There are strong feelings within the real estate industry on the subject of dual agency. It is such a controversial topic that a number of states have made it illegal to allow one agent to represent both the buyer and the seller in a transaction. If you are planning to sell or buy a piece of property and it’s legal in your state, be sure you understand how dual agency works so that you can make an informed decision if it factors into your transaction.
Other types of representation
Designated agency representation, such as buyer’s agent or listing agent can help avoid potential conflicts of interest that sometimes occur with dual agencies. With this option, different agents within the same brokerage represent the buyer and the seller, thus ensuring fair representation for both parties in the transaction.
A transactional brokerage involves legally neutral third-party representation that provides equal service to both the buyer and the seller. This facilitator only assists with paperwork, offers no advice and is paid a flat fee which can be less than a traditional agent’s commission. Both parties must agree to a transactional brokerage and it is not legal in all states.
Who benefits from dual agency representation?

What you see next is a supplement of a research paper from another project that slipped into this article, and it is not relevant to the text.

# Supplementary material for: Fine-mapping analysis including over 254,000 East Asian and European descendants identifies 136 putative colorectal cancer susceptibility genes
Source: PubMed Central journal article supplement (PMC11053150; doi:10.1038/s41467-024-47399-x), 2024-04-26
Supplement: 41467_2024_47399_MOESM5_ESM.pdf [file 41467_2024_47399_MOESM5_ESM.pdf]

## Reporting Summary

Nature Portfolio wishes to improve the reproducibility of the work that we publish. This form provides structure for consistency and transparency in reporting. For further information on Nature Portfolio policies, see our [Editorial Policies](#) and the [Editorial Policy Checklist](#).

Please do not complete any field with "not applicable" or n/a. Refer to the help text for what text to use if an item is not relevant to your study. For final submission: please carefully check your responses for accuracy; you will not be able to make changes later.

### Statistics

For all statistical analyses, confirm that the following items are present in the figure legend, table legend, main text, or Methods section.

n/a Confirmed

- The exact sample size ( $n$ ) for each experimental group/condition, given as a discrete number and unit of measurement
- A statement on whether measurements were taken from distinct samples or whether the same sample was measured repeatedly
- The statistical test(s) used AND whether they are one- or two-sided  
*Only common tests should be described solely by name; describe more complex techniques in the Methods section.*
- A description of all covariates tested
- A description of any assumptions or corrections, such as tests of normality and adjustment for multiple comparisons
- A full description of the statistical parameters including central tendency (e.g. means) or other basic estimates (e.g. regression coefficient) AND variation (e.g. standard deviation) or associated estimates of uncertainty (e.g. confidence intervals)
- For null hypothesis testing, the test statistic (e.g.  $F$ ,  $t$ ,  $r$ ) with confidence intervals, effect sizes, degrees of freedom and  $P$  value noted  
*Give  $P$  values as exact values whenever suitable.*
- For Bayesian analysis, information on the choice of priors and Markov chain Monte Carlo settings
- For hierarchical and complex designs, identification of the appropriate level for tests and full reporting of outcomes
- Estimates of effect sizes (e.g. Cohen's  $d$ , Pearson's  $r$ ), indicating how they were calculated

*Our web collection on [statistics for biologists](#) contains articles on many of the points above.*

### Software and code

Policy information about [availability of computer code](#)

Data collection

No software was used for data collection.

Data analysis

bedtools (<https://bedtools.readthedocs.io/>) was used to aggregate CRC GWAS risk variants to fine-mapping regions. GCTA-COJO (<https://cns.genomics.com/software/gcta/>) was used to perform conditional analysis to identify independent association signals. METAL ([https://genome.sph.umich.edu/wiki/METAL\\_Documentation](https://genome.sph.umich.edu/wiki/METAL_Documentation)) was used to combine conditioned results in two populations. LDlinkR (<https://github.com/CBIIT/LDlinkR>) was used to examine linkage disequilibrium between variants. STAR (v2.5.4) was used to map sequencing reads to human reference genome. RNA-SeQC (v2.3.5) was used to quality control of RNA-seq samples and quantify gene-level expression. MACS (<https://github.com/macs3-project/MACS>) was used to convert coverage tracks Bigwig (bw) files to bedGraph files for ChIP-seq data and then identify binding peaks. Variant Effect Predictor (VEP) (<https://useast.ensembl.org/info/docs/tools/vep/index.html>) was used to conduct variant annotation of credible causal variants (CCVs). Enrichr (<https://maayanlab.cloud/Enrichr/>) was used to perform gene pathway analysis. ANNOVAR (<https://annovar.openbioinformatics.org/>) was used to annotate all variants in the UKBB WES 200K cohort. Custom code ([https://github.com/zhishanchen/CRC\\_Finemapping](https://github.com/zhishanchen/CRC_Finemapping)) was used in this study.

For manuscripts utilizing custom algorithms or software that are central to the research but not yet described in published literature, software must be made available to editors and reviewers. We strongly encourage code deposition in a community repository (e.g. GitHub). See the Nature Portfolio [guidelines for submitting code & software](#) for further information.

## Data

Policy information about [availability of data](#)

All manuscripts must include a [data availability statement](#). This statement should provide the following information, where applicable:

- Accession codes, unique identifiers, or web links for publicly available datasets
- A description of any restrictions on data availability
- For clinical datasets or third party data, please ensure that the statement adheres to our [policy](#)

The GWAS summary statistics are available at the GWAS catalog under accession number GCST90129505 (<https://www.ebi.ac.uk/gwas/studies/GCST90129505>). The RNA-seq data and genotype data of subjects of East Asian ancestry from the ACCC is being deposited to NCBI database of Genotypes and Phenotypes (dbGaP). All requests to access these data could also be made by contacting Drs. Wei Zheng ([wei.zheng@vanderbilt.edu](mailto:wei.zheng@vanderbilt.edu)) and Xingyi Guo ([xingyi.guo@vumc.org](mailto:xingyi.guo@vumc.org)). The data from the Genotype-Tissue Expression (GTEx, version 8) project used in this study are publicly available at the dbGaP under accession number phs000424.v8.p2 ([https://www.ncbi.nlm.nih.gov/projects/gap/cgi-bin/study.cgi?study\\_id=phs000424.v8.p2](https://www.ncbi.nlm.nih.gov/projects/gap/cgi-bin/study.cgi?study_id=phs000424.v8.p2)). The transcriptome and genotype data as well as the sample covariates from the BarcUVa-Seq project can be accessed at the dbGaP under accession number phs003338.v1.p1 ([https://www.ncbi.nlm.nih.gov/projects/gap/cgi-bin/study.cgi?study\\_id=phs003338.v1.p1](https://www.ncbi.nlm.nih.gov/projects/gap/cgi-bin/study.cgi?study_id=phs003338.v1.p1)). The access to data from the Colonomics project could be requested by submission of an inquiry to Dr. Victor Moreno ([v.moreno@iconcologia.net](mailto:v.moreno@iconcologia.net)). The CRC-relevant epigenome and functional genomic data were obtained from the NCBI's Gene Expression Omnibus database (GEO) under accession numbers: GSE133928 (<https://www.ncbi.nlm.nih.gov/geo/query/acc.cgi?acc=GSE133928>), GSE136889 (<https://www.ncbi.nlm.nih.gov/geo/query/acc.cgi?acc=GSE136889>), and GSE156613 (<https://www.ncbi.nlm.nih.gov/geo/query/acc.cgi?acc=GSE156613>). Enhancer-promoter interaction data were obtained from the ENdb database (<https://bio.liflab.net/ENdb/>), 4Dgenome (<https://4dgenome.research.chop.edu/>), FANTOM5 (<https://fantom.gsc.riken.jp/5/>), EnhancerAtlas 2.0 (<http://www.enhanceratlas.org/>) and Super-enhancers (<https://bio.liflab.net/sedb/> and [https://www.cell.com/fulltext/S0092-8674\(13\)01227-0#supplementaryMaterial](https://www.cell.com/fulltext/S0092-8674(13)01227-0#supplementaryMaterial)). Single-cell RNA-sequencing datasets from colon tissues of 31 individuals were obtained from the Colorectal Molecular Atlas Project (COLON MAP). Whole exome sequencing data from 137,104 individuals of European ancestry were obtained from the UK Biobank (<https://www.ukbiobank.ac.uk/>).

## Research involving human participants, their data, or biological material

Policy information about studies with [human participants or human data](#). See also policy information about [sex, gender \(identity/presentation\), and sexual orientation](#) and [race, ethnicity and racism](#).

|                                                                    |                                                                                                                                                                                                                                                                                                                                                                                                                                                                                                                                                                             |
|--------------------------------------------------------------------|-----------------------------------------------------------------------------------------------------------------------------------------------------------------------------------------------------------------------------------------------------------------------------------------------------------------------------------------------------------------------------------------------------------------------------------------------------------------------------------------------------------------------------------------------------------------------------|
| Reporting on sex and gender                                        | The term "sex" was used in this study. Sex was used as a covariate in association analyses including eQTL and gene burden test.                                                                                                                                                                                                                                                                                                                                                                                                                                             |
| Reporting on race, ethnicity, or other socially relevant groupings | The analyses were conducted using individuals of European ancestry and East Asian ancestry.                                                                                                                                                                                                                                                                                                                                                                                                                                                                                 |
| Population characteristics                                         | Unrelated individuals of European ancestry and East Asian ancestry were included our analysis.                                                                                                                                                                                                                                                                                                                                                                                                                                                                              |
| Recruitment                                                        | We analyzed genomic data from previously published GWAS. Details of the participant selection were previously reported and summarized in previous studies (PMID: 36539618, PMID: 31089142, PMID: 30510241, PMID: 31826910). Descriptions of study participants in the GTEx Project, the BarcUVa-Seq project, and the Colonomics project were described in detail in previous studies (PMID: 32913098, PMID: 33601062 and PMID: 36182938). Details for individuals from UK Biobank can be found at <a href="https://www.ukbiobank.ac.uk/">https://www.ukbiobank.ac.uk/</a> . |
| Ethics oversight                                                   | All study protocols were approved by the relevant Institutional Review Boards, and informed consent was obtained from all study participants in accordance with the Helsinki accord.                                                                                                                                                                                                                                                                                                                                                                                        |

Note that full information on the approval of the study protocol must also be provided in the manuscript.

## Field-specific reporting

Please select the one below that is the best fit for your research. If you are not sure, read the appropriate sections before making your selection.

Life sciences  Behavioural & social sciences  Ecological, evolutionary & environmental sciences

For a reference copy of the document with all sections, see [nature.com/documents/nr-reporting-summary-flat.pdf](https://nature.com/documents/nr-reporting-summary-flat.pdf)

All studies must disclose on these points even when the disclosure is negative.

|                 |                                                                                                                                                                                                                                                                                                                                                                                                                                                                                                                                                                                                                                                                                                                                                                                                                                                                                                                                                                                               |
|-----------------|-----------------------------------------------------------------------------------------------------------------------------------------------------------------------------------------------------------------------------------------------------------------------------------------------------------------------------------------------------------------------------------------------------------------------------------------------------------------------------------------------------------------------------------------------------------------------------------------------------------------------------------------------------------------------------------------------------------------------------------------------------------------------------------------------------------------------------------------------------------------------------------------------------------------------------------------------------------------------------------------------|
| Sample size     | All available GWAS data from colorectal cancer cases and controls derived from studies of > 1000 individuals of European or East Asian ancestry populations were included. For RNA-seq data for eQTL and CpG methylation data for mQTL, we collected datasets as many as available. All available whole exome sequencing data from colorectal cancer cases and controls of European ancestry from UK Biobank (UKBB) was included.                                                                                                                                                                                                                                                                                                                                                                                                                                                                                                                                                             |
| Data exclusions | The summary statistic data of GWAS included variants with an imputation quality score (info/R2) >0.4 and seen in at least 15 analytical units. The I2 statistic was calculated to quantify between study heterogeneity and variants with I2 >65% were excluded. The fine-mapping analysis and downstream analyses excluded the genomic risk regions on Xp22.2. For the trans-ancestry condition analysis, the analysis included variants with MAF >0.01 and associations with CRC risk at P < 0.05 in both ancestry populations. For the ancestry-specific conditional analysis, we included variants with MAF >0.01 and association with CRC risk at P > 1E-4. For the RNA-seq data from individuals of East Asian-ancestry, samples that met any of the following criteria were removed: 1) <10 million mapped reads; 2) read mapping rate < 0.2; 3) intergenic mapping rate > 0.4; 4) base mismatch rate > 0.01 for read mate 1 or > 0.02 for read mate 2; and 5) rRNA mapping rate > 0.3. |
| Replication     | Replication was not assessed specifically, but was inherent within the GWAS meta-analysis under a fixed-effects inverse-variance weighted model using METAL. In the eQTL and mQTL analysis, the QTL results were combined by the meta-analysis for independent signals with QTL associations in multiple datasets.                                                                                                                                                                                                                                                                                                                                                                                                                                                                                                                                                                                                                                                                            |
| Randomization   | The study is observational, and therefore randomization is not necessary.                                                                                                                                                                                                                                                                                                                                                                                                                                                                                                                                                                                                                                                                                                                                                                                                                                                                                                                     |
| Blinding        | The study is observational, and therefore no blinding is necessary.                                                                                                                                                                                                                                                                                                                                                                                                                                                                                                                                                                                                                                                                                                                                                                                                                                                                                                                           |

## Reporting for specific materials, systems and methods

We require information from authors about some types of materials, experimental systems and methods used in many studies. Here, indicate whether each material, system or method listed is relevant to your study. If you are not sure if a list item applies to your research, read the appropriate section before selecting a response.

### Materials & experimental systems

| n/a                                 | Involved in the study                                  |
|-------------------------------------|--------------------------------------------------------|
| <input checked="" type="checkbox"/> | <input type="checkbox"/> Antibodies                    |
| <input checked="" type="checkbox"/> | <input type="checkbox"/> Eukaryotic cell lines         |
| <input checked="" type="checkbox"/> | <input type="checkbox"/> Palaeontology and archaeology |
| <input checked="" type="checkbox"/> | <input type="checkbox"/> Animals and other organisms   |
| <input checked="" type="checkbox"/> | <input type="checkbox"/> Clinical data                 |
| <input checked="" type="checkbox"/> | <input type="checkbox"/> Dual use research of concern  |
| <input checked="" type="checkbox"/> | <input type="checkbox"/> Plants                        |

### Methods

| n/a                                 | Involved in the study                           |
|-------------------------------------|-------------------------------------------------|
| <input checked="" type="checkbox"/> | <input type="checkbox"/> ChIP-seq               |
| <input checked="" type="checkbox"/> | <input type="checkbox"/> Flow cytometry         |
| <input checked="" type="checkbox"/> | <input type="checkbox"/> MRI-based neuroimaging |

The real estate agent who represents both the buyer and the seller benefits from keeping the full commission, of course, although some agents are willing to reduce their commission. And all parties can benefit from a streamlined transaction with less downtime for offers, counteroffers and signed forms/documents in order to close the deal more quickly.
So what are the downsides?
There are multiple reasons why dual agency is illegal in some states, mainly because there are too many ways that it can be abused. Even for agents with the best intentions, there’s always risk of a conflict of interest, which is why almost every state that allows dual agencies requires both the buyer and the seller to sign documents acknowledging that they are aware of the agent’s role representing both parties.
Because both the buyer and the seller have different goals in the transaction, there can be opportunities for the agent (either intentionally or unintentionally) to rig sales, thus impacting offers and negotiations. Some agents won’t agree to dual agency arrangements for fear of failed transactions, bad reviews or lawsuits claiming the agent negatively influenced negotiations. Some brokers won’t even allow their agents the dual agency option, considering it not worth the risk.
The National Association of Realtors does not have a stance on dual agency transactions, but encourages its members (in those states where it’s legal) to be professional and transparent with clients who are considering that type of representation. The Consumer Federation of America, however, released a report in January 2019 recommending that all states prohibit real estate dual agency transactions.
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